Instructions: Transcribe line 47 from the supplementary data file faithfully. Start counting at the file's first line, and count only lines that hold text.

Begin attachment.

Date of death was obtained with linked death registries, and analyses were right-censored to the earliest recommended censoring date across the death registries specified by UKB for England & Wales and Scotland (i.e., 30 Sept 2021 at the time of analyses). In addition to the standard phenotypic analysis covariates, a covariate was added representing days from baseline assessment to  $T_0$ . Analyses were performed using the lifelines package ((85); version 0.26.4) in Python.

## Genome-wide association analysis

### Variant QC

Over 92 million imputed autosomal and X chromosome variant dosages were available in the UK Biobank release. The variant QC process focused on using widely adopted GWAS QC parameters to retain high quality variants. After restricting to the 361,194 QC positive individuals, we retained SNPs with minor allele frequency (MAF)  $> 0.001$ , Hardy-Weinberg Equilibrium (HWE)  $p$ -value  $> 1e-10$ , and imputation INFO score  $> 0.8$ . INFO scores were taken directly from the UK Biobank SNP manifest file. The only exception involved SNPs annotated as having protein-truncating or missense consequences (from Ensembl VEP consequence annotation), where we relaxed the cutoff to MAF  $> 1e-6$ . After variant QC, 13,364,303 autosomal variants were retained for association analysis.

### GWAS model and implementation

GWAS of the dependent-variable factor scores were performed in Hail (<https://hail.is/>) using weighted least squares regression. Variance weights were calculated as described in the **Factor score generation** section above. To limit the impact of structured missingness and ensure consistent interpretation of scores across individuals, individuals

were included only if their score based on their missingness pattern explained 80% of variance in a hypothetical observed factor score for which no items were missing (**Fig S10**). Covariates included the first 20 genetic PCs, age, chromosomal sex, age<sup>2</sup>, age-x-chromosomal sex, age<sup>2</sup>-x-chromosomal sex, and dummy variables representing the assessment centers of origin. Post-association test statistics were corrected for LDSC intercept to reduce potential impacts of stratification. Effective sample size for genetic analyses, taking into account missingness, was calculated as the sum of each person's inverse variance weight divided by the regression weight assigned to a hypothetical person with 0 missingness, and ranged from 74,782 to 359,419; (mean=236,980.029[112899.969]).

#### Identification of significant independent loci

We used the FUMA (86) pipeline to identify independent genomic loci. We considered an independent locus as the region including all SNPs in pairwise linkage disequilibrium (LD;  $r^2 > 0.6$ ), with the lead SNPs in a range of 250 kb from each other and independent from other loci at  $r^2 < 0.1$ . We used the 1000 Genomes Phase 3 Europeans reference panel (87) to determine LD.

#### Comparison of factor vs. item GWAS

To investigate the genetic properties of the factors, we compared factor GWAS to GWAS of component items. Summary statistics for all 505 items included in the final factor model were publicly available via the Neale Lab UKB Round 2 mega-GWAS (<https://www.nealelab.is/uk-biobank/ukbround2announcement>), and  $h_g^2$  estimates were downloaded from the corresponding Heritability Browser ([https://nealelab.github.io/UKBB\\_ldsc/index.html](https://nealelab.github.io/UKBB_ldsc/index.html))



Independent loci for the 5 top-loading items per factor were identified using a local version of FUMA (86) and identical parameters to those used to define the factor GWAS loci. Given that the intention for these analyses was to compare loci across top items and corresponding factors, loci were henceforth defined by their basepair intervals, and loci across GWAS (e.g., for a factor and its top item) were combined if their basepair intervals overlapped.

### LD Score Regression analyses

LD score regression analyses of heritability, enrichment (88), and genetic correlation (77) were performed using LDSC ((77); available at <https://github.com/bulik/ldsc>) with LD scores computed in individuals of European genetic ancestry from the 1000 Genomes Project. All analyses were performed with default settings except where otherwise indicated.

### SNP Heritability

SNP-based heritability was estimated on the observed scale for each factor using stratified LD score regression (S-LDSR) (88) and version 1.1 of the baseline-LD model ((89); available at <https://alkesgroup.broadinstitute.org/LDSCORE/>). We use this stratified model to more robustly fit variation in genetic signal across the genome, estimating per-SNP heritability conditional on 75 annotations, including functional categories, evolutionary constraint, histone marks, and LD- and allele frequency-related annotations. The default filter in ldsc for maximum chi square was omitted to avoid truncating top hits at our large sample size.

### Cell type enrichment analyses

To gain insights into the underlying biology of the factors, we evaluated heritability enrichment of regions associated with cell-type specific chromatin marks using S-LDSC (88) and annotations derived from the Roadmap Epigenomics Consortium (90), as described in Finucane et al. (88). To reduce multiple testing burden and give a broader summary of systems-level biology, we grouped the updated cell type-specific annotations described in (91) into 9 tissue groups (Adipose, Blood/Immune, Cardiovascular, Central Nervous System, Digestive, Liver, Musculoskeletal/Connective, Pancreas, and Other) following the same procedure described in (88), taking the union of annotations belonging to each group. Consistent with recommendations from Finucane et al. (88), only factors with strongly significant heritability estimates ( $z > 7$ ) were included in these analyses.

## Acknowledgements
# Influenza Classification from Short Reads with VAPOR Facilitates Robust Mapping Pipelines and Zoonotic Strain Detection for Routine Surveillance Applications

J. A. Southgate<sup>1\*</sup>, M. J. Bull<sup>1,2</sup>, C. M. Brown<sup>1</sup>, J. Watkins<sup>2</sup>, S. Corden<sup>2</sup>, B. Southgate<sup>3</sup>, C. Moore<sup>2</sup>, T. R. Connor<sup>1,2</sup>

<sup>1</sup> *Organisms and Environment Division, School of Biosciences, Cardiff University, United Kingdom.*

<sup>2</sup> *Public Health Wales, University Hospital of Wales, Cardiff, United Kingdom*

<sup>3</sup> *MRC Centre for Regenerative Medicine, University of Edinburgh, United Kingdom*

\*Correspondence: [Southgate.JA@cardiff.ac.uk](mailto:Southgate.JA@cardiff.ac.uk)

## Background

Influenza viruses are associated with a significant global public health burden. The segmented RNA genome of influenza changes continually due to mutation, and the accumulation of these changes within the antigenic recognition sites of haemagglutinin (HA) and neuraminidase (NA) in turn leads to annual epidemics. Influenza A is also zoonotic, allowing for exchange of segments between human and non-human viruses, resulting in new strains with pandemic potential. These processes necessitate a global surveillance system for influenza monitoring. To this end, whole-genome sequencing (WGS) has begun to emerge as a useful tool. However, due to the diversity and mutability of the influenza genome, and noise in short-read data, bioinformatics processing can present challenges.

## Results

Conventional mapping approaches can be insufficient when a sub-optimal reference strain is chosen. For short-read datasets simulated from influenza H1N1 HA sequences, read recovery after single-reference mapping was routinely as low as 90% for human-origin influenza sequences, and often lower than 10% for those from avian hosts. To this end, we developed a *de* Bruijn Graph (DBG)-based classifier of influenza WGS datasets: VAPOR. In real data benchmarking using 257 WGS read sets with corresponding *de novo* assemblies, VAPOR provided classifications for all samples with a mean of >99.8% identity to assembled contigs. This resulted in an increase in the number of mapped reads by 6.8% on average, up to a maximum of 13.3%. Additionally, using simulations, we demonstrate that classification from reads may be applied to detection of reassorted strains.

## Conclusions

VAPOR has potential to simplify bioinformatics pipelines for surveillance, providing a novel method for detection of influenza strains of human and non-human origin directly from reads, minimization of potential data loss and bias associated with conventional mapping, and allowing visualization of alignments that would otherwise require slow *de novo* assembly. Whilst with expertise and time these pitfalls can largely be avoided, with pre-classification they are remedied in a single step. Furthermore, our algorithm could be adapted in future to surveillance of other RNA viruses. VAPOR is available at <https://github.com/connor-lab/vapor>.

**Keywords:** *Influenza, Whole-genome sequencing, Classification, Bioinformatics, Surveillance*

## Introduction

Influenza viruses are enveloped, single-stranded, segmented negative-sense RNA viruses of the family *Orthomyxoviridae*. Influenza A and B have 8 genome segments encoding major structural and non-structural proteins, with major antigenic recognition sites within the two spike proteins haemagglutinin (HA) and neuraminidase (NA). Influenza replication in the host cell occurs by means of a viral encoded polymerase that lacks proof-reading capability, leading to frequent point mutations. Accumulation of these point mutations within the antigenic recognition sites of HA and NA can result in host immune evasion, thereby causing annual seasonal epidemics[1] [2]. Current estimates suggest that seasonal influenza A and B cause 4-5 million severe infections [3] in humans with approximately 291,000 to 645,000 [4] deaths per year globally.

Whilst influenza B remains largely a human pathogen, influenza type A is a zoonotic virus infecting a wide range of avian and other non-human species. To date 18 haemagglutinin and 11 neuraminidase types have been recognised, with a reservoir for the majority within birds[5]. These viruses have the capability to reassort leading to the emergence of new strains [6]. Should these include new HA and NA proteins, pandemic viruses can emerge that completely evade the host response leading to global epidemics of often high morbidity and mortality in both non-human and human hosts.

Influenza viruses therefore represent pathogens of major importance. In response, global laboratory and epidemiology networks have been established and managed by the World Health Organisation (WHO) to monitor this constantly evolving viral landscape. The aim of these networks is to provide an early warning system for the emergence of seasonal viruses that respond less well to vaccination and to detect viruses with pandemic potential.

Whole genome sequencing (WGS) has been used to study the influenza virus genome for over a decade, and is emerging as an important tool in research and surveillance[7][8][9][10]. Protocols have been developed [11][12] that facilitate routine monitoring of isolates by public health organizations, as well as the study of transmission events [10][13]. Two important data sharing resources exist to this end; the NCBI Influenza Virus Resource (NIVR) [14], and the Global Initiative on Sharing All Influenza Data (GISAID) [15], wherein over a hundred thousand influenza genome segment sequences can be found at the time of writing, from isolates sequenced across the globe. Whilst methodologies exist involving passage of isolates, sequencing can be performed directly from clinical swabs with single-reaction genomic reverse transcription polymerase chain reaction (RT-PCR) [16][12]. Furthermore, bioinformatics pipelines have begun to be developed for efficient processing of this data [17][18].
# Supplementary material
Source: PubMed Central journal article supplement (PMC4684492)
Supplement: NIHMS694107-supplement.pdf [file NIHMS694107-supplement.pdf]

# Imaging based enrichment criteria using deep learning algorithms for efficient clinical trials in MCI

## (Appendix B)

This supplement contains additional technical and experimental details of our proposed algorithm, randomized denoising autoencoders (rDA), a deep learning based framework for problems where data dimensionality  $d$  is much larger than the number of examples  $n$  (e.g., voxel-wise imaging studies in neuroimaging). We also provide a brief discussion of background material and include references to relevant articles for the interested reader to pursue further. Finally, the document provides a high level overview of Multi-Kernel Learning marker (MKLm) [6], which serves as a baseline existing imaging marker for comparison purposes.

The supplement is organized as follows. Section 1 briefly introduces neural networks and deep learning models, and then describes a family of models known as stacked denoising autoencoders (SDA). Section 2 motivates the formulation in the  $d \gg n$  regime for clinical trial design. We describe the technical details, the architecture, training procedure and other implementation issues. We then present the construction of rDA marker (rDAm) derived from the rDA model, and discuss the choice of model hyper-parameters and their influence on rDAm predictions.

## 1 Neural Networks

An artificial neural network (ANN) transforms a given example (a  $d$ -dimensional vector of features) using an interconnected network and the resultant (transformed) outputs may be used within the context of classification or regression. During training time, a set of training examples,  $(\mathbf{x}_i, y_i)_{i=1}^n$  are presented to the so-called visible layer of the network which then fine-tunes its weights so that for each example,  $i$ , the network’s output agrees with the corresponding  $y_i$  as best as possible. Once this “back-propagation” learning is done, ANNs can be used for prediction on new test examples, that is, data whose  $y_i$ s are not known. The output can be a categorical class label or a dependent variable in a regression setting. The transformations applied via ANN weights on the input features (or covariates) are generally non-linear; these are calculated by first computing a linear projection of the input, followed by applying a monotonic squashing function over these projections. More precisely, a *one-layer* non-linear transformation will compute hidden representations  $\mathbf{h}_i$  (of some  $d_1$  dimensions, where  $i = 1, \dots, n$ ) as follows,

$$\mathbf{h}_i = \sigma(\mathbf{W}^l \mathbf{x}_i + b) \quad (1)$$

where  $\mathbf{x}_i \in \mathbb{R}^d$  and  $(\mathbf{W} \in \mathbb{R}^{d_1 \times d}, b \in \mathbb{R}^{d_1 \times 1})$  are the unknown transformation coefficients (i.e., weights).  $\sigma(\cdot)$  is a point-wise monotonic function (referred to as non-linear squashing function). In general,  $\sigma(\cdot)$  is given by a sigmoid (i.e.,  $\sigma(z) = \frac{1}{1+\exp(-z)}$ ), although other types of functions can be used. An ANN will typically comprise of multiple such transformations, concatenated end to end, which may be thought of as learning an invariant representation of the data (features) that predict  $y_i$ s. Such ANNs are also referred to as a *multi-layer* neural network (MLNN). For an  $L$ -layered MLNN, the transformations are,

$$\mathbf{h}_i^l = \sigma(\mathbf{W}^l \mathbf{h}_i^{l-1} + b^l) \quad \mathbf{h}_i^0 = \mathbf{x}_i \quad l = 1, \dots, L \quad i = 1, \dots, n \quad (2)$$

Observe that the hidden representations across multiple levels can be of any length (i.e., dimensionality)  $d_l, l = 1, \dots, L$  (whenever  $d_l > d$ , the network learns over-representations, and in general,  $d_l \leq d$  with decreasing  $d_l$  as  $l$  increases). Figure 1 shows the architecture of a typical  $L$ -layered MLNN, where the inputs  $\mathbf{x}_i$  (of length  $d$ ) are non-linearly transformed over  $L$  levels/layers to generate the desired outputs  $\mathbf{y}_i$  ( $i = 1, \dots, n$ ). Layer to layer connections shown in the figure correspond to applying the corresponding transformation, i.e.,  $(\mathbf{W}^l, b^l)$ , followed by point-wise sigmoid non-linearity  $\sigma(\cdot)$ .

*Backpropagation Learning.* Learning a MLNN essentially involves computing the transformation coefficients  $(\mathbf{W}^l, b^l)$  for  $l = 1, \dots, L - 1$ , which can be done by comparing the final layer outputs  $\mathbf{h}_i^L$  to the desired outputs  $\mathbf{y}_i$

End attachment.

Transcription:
$$\mathbf{h}_i = \sigma(\mathbf{W}^l \mathbf{x}_i + b) \quad (1)$$